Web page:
A storm viewed safely from the porch.
Southern heat often generates raucous thunderstorms, and this afternoon when the temperature was 96 and the humidity made us feel like we were wearing coveralls constructed of warm gelatin, a rainstorm blew up out of clear skies. My husband and I moved to the porch, sitting where we guessed to be out of the reach of stray lightning bolts. For fifteen minutes we reveled in the sound, the smell, and the blissfully cooling effect of a hard rain pounding the garden that surrounds us.

The last two Tompkinses who lived here were spinster sisters, and I have heard some remarkable stories about them and their vast garden from neighbors who grew up in town. They informed us that the elder sister decided at some point to enclose the porch, building it out in wood with glass jalousies fitted between the columns. Unfortunately, our house sits at the low end of Kent Street*, with the road rising to Cedar Street* at a fairly steep angle. One of the sisters' uphill neighbors was the local milkman, who got in the habit of parking his milk truck outside his house. One morning his parking brake proved insufficient for the fully loaded truck, and the vehicle rolled backwards, gaining speed, until it crashed to a stop in the center of the Tompkins' porch-room. That was the end of the truck and the room, jalousies and all.
SR with Clementine in the porch swing, everyone's favorite spot

I do sometimes understand the Tompkins' impulse to make the porch a bit less inviting and a lot more private. Over the years, we've had a considerable number of panhandlers, proselytizers and purveyors stepping into its shelter and banging away with our knocker. (See the post of 7/11/13, Knock, Knock. Who's There? for more on this.) An elderly wanderer who said he was crossing the country on a bicycle parked at our stoop one autumn day and knocked on the door, saying he'd rake all the leaves in our yard if I'd let him do his laundry in our house. Instead, I gave him $20 and directions to the laundromat a block away. Besides, I love raking leaves. Another time when my husband and I returned from shopping we were greeted by a strange woman sitting in our porch swing, writing at the table. Her suitcase was parked beside her. She claimed to be looking for a friend who lived in the neighborhood, but she declined to name him, and I had a good suspicion that she wouldn't have said 'no' if I'd invited her to live on the porch.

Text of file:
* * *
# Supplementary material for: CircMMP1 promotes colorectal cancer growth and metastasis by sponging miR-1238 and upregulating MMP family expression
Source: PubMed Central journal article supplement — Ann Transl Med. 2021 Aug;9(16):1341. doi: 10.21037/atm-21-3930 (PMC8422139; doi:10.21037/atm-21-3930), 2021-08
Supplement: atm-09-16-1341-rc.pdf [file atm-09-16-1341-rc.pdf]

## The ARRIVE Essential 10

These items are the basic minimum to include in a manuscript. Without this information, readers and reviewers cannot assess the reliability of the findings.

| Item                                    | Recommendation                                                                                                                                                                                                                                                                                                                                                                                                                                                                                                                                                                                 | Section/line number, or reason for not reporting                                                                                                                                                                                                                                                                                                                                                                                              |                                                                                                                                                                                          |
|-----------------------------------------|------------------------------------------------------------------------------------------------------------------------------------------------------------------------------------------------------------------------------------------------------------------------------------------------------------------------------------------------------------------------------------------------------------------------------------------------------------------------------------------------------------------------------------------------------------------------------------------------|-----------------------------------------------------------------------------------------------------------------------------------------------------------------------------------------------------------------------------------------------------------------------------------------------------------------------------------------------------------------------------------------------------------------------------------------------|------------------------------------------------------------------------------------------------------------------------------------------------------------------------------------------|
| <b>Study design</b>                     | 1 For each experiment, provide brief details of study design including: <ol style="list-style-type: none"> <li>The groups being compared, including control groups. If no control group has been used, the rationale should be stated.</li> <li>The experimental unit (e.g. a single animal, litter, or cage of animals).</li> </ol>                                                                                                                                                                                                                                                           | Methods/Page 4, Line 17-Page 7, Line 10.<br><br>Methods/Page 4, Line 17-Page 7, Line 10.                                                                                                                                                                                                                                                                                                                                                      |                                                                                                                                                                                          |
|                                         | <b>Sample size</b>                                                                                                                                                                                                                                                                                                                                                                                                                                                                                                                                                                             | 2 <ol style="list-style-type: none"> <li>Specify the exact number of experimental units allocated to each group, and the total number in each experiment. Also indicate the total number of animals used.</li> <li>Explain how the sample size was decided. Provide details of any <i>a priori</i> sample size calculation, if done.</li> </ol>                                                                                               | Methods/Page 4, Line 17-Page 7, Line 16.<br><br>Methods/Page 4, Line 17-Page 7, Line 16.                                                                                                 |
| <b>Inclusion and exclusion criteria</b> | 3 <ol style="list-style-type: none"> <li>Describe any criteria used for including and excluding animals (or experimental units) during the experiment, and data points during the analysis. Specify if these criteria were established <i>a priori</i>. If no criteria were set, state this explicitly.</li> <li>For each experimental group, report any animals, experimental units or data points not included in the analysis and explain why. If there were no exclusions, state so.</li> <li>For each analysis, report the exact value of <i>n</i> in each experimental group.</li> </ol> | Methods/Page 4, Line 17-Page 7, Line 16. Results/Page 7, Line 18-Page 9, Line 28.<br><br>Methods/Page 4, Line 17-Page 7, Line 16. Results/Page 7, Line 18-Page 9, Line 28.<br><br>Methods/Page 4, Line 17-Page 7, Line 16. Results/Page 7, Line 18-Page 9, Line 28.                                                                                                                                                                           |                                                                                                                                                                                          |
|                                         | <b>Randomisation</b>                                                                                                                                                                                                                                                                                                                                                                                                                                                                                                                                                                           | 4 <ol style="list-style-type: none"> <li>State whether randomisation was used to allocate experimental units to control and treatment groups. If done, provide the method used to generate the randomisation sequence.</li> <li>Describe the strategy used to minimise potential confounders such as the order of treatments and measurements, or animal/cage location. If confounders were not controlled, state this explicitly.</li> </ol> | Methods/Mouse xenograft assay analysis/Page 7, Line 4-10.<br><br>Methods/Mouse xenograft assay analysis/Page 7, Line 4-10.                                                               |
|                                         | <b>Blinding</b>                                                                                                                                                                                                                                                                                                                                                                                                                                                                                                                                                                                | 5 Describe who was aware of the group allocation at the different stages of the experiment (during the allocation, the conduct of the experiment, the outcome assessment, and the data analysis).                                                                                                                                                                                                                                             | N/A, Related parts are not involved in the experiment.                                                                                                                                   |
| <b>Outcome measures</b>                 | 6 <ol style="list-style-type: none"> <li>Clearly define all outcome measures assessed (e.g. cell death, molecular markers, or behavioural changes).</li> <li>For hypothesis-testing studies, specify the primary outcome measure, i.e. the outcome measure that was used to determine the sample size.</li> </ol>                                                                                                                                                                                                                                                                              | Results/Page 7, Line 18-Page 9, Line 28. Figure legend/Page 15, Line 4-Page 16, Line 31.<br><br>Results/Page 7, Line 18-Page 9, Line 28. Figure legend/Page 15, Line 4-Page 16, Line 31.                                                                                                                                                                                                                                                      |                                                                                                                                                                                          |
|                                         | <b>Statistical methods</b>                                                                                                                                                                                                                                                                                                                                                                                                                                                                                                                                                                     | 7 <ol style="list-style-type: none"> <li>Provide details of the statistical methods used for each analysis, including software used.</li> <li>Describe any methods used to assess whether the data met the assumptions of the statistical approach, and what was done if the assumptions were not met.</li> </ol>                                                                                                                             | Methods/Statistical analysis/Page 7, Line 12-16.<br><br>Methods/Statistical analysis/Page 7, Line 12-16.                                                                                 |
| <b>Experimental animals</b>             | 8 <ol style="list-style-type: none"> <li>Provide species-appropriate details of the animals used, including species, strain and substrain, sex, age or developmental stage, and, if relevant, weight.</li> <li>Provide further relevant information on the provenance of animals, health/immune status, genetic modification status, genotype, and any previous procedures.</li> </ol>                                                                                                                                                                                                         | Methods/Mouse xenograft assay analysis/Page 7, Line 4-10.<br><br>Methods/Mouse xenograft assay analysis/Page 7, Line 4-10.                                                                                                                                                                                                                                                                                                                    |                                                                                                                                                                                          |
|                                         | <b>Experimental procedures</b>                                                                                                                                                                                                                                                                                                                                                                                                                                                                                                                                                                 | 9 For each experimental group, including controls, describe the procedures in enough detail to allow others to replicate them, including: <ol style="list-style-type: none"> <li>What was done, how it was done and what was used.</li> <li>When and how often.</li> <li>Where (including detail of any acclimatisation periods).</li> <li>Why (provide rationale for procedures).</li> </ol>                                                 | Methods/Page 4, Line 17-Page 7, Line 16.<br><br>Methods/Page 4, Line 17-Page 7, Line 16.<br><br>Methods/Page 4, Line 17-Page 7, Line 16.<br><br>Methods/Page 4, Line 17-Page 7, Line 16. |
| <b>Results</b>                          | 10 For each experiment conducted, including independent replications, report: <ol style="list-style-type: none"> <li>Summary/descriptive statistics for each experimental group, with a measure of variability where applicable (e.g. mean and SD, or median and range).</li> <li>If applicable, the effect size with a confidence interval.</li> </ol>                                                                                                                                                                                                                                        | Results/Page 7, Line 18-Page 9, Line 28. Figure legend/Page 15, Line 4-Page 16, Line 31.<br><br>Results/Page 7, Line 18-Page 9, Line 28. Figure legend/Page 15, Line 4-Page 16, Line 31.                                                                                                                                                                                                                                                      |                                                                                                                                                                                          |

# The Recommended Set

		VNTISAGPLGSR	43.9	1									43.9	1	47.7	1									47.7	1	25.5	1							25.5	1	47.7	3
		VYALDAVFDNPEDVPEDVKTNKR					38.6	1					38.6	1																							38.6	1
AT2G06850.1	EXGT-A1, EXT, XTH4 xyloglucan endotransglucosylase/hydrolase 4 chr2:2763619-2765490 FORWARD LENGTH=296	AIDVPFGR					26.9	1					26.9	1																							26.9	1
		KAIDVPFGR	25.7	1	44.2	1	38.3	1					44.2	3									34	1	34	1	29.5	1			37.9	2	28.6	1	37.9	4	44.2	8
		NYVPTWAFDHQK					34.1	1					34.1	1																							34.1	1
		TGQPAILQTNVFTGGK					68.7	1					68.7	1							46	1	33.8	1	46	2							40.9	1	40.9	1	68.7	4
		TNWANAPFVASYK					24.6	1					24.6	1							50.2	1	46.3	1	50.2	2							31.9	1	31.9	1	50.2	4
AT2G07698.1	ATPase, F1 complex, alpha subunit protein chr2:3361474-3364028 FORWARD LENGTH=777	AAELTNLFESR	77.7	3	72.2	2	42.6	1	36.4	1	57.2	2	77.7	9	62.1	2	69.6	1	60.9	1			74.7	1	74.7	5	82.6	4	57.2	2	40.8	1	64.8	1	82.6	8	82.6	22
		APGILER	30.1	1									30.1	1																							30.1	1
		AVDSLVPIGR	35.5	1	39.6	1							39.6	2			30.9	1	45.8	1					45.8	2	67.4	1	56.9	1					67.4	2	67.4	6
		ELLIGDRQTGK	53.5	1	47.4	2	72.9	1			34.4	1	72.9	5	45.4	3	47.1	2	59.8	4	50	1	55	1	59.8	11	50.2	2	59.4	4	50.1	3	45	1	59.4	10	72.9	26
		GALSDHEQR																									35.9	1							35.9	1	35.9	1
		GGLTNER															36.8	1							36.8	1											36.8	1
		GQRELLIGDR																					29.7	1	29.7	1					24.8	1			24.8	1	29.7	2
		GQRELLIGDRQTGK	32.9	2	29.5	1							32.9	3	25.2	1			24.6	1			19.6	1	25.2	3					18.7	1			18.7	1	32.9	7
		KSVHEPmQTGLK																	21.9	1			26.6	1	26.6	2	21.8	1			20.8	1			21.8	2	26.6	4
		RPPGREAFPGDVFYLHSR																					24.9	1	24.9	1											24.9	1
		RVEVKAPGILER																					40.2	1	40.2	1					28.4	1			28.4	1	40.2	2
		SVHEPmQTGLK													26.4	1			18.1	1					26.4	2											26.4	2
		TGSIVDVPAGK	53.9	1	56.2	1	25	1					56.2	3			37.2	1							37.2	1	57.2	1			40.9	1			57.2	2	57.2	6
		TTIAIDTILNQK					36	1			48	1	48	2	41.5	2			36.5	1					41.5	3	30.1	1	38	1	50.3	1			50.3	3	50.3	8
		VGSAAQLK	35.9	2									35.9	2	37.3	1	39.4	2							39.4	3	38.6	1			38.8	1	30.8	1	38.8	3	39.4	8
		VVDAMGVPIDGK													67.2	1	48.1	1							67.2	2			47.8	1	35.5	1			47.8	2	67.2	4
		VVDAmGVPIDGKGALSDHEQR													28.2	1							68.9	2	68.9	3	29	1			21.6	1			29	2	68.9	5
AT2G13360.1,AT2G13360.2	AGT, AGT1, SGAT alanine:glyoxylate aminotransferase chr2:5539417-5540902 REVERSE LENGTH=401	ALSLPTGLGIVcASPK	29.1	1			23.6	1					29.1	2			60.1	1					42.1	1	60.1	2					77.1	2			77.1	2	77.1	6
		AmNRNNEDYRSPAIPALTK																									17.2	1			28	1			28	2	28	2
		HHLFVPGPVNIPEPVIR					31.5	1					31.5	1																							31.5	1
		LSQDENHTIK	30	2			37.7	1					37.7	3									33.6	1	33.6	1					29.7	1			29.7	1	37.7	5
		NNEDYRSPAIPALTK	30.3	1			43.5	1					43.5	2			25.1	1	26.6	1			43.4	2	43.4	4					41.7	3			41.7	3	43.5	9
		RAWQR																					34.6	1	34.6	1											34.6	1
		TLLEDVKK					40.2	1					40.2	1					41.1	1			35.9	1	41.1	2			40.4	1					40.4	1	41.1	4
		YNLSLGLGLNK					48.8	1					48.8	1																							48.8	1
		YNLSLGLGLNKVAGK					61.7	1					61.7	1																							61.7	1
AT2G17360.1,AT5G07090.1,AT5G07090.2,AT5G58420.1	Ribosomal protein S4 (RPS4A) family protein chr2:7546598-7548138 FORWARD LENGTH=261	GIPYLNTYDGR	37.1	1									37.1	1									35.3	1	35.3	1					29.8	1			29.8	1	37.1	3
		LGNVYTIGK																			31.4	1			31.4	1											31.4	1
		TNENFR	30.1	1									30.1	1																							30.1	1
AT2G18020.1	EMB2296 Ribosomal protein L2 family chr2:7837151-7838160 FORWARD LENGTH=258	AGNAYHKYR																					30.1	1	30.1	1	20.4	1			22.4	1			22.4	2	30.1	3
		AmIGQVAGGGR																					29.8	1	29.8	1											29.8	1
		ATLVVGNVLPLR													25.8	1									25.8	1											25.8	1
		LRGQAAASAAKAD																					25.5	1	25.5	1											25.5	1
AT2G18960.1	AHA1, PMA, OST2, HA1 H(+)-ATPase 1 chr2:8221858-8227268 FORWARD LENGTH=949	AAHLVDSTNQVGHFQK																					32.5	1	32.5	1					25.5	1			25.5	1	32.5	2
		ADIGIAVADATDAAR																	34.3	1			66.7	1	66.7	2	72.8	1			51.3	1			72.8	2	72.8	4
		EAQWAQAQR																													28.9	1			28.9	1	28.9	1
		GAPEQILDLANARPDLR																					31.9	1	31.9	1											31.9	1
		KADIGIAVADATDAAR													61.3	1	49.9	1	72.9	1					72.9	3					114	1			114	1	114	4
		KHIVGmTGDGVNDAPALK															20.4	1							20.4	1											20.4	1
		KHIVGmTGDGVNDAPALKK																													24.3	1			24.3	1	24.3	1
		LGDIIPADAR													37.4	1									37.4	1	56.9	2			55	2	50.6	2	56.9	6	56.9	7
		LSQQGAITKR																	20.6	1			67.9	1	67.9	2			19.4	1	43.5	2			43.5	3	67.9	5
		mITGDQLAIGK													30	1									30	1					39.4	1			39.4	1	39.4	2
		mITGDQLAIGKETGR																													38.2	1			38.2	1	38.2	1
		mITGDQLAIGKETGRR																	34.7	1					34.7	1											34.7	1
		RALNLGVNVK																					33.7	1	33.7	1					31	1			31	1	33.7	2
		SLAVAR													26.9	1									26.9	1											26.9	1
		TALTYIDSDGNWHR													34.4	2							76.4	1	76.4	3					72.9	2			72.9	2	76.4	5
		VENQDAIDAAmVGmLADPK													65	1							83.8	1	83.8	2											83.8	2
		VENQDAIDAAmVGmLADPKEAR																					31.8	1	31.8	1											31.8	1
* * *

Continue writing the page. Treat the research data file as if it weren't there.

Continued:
After coffee, our daughter takes a porch-nap with Clark, her rescue-hound.
 
That's something of a neighborhood tradition. For several months, the family across Lemon Tree Road* hosted three men and their meager belongings on the back deck of their house. The men hung a blue tarp overhead on 4 x 4 posts and huddled beneath it on rainy days, their cigarette smoke curling into the damp air. We called them the "People of the Tarp," and marveled that they and their noisy hounds lasted there into the winter. Compared to life under a tarp, our porch must have looked palatial.